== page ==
Do you see any positive changes from the present government compared to Mahathir’s government?

There is a certain amount of liberality in the present government. I think the press is a bit better and liberal now. We can see also there are few articles and incidents where the reports made are adverse to the government. In those days, this was not possible.

What do you think about the judicial system?

The judicial system is there. But they are limited and shackled. We still have the Federal Court, Court of Appeal, High Court and magistrates but their powers are limited.

Do you feel bitter about the whole episode?

I am not bitter. The first few months maybe a little disillusioned and unhappy, and then I got over it. After that I went to Australia to become a visiting professor of Monash and Melbourne universities. There, I taught Malaysian constitution and Malaysian law. They wanted me to continue with my work over there but you see, my roots are very strong in Malaysia ... I have children and grandchildren so I didn’t stay long.

How do you describe Tun Mahathir?

I have no comment. You know your own answer, don’t ask me.

How would you describe the judiciary now?

That I have no comment. I think you all know that one.

So Tun, can you tell us what your life is like now?

I go to the kebun (orchard) once a week. I live in Bukit Payung. It is 11 kilometres from the town centre in Kuala Terengganu. I live on a farm about three quarters of an acre where I built my house. Then I plant fruit trees and they are all fruiting now. I also build two cemented pools to rear fish. But I have never eaten the fish. I have plenty of them and I like to feed them. It’s a very soothing experience.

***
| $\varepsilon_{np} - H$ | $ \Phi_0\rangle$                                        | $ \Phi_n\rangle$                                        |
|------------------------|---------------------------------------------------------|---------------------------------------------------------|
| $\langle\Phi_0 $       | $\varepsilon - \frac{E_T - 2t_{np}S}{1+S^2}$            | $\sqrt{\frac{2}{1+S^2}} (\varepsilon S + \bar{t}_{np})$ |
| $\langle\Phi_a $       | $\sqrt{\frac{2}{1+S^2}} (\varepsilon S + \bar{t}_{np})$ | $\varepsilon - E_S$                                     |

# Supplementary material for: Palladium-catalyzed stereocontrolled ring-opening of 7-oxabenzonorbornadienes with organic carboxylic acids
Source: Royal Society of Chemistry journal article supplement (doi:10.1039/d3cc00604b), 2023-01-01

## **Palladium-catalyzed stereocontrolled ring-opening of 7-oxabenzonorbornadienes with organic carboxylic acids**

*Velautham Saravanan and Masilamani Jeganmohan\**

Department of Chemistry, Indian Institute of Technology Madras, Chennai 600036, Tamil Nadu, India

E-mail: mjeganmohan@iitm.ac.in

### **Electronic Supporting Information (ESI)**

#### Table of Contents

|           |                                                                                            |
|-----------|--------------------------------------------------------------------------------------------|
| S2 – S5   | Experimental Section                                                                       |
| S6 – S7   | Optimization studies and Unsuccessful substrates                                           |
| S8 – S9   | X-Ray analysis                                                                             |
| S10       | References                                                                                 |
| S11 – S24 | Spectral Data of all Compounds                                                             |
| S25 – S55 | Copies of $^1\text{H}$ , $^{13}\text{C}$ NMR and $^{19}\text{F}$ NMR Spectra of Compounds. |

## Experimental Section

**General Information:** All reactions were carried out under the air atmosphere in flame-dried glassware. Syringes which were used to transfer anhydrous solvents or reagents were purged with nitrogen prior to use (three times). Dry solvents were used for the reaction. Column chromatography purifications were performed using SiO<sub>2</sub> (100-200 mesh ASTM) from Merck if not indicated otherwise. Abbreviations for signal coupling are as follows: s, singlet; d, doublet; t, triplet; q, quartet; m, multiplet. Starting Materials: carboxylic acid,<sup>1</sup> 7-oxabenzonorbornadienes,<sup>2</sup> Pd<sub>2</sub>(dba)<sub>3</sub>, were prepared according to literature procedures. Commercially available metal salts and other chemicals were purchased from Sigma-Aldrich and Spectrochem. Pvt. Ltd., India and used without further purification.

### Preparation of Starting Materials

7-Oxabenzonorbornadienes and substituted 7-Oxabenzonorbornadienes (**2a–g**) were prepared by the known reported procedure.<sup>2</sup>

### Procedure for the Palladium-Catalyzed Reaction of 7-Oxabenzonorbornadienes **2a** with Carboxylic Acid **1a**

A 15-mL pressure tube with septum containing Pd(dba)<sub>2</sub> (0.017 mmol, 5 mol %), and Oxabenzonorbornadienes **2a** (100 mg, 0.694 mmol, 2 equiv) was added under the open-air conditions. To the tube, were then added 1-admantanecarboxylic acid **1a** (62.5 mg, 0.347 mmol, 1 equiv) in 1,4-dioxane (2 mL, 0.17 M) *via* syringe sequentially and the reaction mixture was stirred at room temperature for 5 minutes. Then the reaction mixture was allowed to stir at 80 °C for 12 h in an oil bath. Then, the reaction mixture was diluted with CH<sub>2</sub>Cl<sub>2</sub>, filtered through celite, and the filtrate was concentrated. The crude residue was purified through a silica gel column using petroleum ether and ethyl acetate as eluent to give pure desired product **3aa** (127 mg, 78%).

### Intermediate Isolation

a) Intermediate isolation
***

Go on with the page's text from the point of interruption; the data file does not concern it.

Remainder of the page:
Do you agree with public perception the people have no recourse?

There are some recourse but not full recourse as there ought to be. Before the judicial crisis, we were the best judiciary east of India. India was very good. We were even better than Hong Kong. That’s why I describe that era really as a golden era for the judiciary. (This is) because of its integrity, competency and enjoyment of public confidence. The judges then were very highly respected.

Friday, August 11, 2006

Have the Police Become A Tool of the Executive?

Hitting a controversial patch
They regard some assault cases as civil disputes, raising public furore.
By Seah Chiang Nee,
Aug 8, 2006

Not long ago, a gang of older girls beat up a 12-year-old girl in public, video filming the assault, and the tape was widely posted in the Internet.

The assailants were known, but the police said it would not act because nobody had lodged a report with them. It sparked questions about the responsibility of the police when public violence was committed.

Yesterday, another Singaporean wrote to the press to complain that her brother, a doctor in a Singapore hospital, was eating alone at a Geylang food-stall at night when he was approached by six to eight youths who accused him of staring at them

“When he denied doing so, they assaulted him, beating him in the face and abdomen,” said Ms Liew Sok Kuan.

According to Ms. Liew, he suffered multiple facial fractures and damage to one of his facial nerves. He had to undergo a three-hour operation, which included having two metal plates inserted around one of his eyes, she said.

“He suffered multiple facial fractures and damage to one of his facial nerves. He had to undergo a three-hour operation, which included having two metal plates inserted around one of his eyes,” related Ms. Liew.

They escaped in their motorbikes, but the victim noted two of the bikes’ numbers and rang up 999 and reported to them what had happened.